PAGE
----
Planet Earth: Our Place In Space
This temporary exhibition is based on the geological collections from the National Museum of Ireland – Natural History. The exhibition will feature a sample of moon rock, complete with an Irish tricolour flag that was brought to the moon. Other exhibits will include meteorites – rocks from space that are debris from the early solar system. A highlight is the Limerick meteorite that fell near Adare, County Limerick in 1813, Ireland’s largest ever meteorite weighing in at 27 kilos. These specimens will be used to explain what meteorites tell us about the early solar system and also what we know about the earth as a planet. Minerals and rocks will further illustrate what the earth is made of and its nature as a planet.
Nigel Monaghan, exhibition curator explains “these meteorites came to the museum because people centuries ago saw them as significant even if they were a scientific puzzle at the time. I am delighted to see them on public view in a way that explains the fascinating stories they can tell. Hopefully people will become more aware of the importance of meteorites to Irish science. It would be great if the next time one falls we get a call from the finder”.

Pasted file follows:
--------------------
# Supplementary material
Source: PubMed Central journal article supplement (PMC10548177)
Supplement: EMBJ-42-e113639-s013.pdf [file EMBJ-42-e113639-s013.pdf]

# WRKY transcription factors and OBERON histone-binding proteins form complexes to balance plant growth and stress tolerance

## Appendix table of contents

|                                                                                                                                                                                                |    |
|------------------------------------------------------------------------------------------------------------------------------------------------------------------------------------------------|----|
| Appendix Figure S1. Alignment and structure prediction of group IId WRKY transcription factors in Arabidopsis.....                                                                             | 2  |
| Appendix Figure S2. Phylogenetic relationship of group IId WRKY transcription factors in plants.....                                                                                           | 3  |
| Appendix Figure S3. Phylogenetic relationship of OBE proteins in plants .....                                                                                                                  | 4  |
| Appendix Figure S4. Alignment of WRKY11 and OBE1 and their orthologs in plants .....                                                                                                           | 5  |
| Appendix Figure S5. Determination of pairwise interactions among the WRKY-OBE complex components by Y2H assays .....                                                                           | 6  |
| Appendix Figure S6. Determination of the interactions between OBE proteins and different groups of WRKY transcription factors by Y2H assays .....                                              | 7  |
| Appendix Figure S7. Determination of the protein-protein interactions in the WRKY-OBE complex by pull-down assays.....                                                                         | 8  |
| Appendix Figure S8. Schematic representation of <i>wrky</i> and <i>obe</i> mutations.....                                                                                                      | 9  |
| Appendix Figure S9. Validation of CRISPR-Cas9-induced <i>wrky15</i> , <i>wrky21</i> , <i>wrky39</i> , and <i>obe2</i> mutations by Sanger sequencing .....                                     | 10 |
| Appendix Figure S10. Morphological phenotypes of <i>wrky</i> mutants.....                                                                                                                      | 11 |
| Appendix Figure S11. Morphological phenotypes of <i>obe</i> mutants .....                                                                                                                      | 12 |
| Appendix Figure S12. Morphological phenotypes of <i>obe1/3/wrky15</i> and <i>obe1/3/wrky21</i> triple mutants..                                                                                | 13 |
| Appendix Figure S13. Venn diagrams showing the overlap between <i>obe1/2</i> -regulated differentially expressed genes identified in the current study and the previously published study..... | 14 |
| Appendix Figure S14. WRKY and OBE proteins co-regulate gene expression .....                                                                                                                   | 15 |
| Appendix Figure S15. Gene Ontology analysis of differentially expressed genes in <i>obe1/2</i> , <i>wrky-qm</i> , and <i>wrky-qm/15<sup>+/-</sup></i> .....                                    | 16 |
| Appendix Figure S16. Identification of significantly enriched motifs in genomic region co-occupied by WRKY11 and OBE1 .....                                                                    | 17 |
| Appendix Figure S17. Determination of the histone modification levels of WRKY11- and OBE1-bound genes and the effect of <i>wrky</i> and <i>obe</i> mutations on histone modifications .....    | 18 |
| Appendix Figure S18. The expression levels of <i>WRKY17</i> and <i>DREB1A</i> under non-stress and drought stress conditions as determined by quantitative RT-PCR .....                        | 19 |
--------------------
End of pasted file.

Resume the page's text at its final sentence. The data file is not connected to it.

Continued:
2009 is the 40th anniversary of Man landing on the Moon, another rocky body orbiting our planet. The piece of Moon rock presented to the Irish State from the Apollo 17 mission of 1972 will be on general public display for the first time, complete with an Irish tricolour flag that was brought to the moon.
Visitors are invited to celebrate International Year of Planet Earth 2008 with a visit to some of these earthly and cosmic treasures. The exhibition will also feature some of the folk traditions associated with the moon and the stars.
A number of education activities will also take place to complement the exhibition. Admission to the exhibition is free. Opening times: Tues-Sat: 10am – 5pm; Sun: 2-5pm. Closed Mondays (incl. Bank Holidays).